Not sure if it is the caffeine (and sugar) I consumed at lunch or the sheer thrill of booking two legs of my Tour de France Adventure earlier today. I am stoked. I put a $100 deposit with Thomson Bike Tours so they would send me an announcement about their spectator tours as soon as they came available.
I received the email this morning and already booked two tours! I previously determined that mountain stages are easier to view with help from a tour company. I learned on October 23 that le Tour 2014 has 3 mountain ranges! I looked at the tour operators sanctioned by the Tour de France and zeroed in on Trek Tours and Thomson Bike Tours as they are English speaking.
Thomson especially offers more for spectators in the mountains. This morning I spent some time looking at the itineraries of the Alps trip and the Pyrenees and Paris trip. The Alps trip offers better access to 3 mountain stages, but substitutes site-seeing instead of Stage 12. They organize it so we will stay every night in Albertville and then transport us to the various stages. I can spend my travel energy on le Tour, not shifting hotels. I weighed not viewing the start or finish of Stage 12 with the upside of a tour operator worrying about the details for me and pressed “Book this Trip”.
The second trip is longer and tackles more challenging logistics. It offers 5 nights in St Lary and 2 nights in Paris. There is another trade-off: travelling to Paris instead of viewing the 20th stage, the time trial. By this time I will have been travelling for a month and I anticipate appreciating anyone who is willing to sort out my details.
I have not gone on organized tours very often. It can be challenging moving about with a group of people (any number greater than 4). Yet there is also built in camaraderie and professional guides offer greater knowledge and access.
I also plan to start le Tour with Trek Tours. This is a trip for cyclists, not spectators. For this trip (not yet published), I am improving my cycling ability and endurance. I am purposefully planning it for the start of my adventure when my energy level will be at the highest level (and before the mountains). I am so excited about riding from Cambridge to London that I want to jump up and down.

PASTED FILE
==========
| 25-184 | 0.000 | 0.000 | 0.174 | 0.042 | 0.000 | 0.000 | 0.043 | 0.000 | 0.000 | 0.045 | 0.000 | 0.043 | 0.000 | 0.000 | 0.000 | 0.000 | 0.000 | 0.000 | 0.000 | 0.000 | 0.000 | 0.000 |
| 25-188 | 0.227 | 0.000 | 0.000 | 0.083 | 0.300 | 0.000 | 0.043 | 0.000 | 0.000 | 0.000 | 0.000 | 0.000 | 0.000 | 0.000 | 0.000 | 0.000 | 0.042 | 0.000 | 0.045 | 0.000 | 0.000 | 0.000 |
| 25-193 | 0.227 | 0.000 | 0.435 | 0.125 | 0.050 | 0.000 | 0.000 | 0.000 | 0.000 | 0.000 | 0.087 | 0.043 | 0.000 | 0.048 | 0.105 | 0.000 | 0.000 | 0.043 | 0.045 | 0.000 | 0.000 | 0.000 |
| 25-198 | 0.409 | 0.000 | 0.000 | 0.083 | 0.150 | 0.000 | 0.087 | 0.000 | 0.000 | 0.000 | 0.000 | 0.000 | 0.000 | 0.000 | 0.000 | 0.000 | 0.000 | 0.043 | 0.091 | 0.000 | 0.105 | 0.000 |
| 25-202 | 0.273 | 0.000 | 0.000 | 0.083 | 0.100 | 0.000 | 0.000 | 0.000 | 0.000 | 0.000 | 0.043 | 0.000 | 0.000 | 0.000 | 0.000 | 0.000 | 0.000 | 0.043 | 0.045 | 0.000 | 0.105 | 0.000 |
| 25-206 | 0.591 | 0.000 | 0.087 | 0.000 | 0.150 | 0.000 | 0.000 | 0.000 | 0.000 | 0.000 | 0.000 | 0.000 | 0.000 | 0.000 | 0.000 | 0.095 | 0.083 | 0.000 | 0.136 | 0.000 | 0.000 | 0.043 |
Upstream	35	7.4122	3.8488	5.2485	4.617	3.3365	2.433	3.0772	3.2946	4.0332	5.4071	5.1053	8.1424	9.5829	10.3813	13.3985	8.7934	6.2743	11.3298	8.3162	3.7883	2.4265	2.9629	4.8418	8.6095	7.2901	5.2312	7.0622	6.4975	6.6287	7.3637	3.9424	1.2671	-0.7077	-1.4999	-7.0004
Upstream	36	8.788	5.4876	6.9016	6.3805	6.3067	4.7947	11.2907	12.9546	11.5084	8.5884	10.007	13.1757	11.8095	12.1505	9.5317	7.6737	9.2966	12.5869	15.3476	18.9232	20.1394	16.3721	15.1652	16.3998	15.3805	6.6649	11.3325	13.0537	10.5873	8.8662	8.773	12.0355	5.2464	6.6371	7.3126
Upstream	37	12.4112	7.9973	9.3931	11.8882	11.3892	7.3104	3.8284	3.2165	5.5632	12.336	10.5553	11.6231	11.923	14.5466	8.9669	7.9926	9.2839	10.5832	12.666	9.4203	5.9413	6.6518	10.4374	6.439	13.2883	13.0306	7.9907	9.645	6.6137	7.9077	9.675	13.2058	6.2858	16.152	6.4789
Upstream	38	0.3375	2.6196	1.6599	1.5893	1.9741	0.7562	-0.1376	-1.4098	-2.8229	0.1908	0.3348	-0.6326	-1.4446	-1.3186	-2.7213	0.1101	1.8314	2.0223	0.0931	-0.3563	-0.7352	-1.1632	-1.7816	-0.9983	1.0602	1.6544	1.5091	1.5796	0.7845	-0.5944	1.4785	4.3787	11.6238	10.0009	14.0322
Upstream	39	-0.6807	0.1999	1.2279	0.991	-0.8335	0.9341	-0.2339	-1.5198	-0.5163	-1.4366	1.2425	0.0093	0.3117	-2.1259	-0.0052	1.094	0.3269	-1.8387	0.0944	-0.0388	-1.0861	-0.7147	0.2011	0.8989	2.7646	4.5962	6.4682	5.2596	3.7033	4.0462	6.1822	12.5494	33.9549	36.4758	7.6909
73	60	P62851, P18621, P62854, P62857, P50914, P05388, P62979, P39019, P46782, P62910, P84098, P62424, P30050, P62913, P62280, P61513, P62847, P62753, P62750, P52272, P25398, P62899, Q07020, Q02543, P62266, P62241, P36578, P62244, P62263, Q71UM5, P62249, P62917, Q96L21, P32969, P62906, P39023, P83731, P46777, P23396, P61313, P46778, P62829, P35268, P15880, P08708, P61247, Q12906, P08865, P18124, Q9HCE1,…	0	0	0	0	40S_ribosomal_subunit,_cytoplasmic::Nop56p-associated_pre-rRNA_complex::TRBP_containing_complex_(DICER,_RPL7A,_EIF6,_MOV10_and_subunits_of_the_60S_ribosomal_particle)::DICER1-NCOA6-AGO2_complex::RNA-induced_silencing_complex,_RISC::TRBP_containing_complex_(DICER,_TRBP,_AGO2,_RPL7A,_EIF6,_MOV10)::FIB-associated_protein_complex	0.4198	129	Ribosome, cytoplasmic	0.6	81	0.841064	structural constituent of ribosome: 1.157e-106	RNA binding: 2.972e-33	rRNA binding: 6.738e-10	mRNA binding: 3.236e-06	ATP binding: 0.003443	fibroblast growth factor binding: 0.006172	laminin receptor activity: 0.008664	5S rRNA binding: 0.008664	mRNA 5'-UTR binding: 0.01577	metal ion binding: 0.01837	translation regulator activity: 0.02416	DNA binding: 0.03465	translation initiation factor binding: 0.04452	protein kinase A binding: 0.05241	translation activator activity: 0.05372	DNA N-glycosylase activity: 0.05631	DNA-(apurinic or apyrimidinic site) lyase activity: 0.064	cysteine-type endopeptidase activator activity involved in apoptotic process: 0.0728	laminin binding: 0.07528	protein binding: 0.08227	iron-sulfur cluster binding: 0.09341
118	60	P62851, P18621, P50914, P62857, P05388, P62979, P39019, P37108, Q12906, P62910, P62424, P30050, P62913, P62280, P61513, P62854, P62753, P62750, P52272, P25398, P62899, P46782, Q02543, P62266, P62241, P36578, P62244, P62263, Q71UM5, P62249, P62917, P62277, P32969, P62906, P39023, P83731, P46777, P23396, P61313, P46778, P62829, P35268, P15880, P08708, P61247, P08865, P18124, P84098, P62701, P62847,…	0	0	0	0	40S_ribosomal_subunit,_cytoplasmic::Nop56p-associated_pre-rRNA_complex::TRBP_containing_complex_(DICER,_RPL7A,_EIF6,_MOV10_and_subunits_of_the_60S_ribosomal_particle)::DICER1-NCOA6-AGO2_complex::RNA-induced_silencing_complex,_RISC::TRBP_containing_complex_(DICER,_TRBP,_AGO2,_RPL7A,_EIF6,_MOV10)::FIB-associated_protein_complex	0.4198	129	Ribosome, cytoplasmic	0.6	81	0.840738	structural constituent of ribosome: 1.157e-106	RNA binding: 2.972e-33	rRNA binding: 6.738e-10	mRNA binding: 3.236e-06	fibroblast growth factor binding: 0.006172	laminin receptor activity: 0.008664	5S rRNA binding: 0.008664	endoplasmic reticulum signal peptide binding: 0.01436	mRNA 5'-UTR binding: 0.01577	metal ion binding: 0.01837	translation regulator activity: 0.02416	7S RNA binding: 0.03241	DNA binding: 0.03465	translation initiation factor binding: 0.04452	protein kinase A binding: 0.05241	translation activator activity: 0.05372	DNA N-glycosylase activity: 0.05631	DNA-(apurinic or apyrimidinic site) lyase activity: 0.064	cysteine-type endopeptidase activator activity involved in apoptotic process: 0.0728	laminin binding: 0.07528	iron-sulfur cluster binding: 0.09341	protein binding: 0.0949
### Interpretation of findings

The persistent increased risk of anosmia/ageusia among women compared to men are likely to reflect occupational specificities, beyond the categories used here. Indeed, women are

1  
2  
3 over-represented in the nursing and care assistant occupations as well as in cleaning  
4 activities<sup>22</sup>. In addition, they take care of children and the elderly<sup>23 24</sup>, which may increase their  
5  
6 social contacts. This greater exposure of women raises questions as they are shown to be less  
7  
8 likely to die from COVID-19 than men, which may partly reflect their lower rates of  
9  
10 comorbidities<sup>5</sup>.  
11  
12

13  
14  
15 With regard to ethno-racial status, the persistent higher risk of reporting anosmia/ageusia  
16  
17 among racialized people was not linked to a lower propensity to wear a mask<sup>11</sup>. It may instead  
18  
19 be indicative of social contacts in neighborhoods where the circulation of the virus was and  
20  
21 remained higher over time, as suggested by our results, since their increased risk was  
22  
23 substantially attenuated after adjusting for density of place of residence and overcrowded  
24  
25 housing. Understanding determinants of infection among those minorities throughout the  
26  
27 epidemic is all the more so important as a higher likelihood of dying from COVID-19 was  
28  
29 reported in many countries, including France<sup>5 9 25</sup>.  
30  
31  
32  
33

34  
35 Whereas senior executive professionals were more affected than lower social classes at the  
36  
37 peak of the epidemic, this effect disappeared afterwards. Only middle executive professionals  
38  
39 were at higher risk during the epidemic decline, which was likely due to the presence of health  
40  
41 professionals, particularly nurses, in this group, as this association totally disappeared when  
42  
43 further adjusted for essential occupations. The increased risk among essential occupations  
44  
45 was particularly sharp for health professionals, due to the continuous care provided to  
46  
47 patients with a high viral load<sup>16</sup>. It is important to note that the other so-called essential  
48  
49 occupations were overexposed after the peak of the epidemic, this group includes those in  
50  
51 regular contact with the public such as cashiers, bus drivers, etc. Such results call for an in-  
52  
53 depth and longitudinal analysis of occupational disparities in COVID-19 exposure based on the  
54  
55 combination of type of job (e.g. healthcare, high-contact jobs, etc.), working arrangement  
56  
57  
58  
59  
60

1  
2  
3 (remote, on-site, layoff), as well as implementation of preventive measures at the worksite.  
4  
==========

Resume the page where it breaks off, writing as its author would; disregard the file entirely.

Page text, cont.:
One of the great benefits of planning your own travel is that it increases your overall enthusiasm and anticipation for the adventure. I will be traveling on my own until I get to Yorkshire, and then again when I leave Trek Tours (probably in Reims). I have to sort out hotels, and transportation between towns (I am not worried about food in France!) until the first rest day on July 15, about 2 weeks into my trip.
The good news is that my friends the Watson-Lovells will be coming from their Germany adventure to join me for one or two days during that period. Brian is very good at travel planning, so it is good to have someone to consult for part of that on-my-own section.
I also have a couple of other gaps that I will need to sort out lodging and/or transportation. Then I will stop planning the details because I want to leave room for the spontaneous delights of the unexpected.